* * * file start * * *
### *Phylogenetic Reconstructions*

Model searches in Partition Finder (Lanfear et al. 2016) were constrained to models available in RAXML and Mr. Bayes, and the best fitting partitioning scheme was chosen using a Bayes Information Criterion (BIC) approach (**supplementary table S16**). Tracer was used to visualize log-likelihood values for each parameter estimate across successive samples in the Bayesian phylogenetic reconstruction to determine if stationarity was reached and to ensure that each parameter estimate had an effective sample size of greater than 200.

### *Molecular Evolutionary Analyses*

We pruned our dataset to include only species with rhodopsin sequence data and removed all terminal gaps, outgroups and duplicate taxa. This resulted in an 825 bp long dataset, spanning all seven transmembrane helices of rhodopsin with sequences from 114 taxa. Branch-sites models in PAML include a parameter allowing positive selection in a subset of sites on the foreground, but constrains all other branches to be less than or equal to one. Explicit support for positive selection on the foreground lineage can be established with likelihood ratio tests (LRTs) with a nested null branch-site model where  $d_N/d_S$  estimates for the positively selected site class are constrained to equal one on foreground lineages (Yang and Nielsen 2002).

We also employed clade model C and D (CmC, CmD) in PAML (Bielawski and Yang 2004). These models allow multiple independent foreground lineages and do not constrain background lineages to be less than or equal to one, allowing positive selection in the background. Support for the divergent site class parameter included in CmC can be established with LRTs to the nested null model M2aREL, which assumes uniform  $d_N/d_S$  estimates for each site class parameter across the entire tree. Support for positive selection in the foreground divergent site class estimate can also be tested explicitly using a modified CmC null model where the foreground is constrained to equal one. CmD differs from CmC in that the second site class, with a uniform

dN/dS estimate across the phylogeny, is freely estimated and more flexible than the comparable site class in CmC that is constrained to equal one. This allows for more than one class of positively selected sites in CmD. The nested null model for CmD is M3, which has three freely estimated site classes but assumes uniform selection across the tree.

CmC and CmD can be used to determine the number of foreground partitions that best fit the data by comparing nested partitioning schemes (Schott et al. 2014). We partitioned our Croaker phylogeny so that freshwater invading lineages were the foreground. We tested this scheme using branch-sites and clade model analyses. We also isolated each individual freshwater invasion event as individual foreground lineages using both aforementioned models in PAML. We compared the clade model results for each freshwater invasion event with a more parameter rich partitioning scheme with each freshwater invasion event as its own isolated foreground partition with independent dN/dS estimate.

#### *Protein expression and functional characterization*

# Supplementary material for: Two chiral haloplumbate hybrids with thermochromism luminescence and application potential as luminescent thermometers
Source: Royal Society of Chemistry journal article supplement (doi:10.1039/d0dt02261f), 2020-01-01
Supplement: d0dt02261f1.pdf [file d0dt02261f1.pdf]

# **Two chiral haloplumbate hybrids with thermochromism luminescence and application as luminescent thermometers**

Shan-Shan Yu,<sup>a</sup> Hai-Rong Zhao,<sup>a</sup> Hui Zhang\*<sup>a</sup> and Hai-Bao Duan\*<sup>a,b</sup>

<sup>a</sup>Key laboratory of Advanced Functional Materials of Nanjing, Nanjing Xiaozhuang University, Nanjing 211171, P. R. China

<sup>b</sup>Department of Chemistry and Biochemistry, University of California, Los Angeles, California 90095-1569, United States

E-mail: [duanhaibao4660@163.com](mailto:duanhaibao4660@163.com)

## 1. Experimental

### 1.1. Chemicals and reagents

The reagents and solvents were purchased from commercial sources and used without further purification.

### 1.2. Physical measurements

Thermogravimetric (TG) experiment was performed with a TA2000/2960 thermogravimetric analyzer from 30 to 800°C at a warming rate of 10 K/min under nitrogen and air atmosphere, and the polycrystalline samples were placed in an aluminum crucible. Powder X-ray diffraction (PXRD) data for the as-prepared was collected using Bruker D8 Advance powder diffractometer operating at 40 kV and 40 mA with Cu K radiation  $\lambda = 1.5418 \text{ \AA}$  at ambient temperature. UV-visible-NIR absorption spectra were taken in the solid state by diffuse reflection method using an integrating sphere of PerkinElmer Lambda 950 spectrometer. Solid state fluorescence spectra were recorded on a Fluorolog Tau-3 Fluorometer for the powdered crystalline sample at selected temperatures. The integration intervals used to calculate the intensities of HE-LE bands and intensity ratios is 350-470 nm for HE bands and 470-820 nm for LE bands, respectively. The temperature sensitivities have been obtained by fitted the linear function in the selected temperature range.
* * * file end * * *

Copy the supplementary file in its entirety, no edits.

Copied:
### *Phylogenetic Reconstructions*

Model searches in Partition Finder (Lanfear et al. 2016) were constrained to models available in RAXML and Mr. Bayes, and the best fitting partitioning scheme was chosen using a Bayes Information Criterion (BIC) approach (**supplementary table S16**). Tracer was used to visualize log-likelihood values for each parameter estimate across successive samples in the Bayesian phylogenetic reconstruction to determine if stationarity was reached and to ensure that each parameter estimate had an effective sample size of greater than 200.

### *Molecular Evolutionary Analyses*

We pruned our dataset to include only species with rhodopsin sequence data and removed all terminal gaps, outgroups and duplicate taxa. This resulted in an 825 bp long dataset, spanning all seven transmembrane helices of rhodopsin with sequences from 114 taxa. Branch-sites models in PAML include a parameter allowing positive selection in a subset of sites on the foreground, but constrains all other branches to be less than or equal to one. Explicit support for positive selection on the foreground lineage can be established with likelihood ratio tests (LRTs) with a nested null branch-site model where  $d_N/d_S$  estimates for the positively selected site class are constrained to equal one on foreground lineages (Yang and Nielsen 2002).

We also employed clade model C and D (CmC, CmD) in PAML (Bielawski and Yang 2004). These models allow multiple independent foreground lineages and do not constrain background lineages to be less than or equal to one, allowing positive selection in the background. Support for the divergent site class parameter included in CmC can be established with LRTs to the nested null model M2aREL, which assumes uniform  $d_N/d_S$  estimates for each site class parameter across the entire tree. Support for positive selection in the foreground divergent site class estimate can also be tested explicitly using a modified CmC null model where the foreground is constrained to equal one. CmD differs from CmC in that the second site class, with a uniform

dN/dS estimate across the phylogeny, is freely estimated and more flexible than the comparable site class in CmC that is constrained to equal one. This allows for more than one class of positively selected sites in CmD. The nested null model for CmD is M3, which has three freely estimated site classes but assumes uniform selection across the tree.

CmC and CmD can be used to determine the number of foreground partitions that best fit the data by comparing nested partitioning schemes (Schott et al. 2014). We partitioned our Croaker phylogeny so that freshwater invading lineages were the foreground. We tested this scheme using branch-sites and clade model analyses. We also isolated each individual freshwater invasion event as individual foreground lineages using both aforementioned models in PAML. We compared the clade model results for each freshwater invasion event with a more parameter rich partitioning scheme with each freshwater invasion event as its own isolated foreground partition with independent dN/dS estimate.

#### *Protein expression and functional characterization*

# Supplementary material for: Two chiral haloplumbate hybrids with thermochromism luminescence and application potential as luminescent thermometers
Source: Royal Society of Chemistry journal article supplement (doi:10.1039/d0dt02261f), 2020-01-01
Supplement: d0dt02261f1.pdf [file d0dt02261f1.pdf]

# **Two chiral haloplumbate hybrids with thermochromism luminescence and application as luminescent thermometers**

Shan-Shan Yu,<sup>a</sup> Hai-Rong Zhao,<sup>a</sup> Hui Zhang\*<sup>a</sup> and Hai-Bao Duan\*<sup>a,b</sup>

<sup>a</sup>Key laboratory of Advanced Functional Materials of Nanjing, Nanjing Xiaozhuang University, Nanjing 211171, P. R. China

<sup>b</sup>Department of Chemistry and Biochemistry, University of California, Los Angeles, California 90095-1569, United States

E-mail: [duanhaibao4660@163.com](mailto:duanhaibao4660@163.com)

## 1. Experimental

### 1.1. Chemicals and reagents

The reagents and solvents were purchased from commercial sources and used without further purification.

### 1.2. Physical measurements

Thermogravimetric (TG) experiment was performed with a TA2000/2960 thermogravimetric analyzer from 30 to 800°C at a warming rate of 10 K/min under nitrogen and air atmosphere, and the polycrystalline samples were placed in an aluminum crucible. Powder X-ray diffraction (PXRD) data for the as-prepared was collected using Bruker D8 Advance powder diffractometer operating at 40 kV and 40 mA with Cu K radiation  $\lambda = 1.5418 \text{ \AA}$  at ambient temperature. UV-visible-NIR absorption spectra were taken in the solid state by diffuse reflection method using an integrating sphere of PerkinElmer Lambda 950 spectrometer. Solid state fluorescence spectra were recorded on a Fluorolog Tau-3 Fluorometer for the powdered crystalline sample at selected temperatures. The integration intervals used to calculate the intensities of HE-LE bands and intensity ratios is 350-470 nm for HE bands and 470-820 nm for LE bands, respectively. The temperature sensitivities have been obtained by fitted the linear function in the selected temperature range.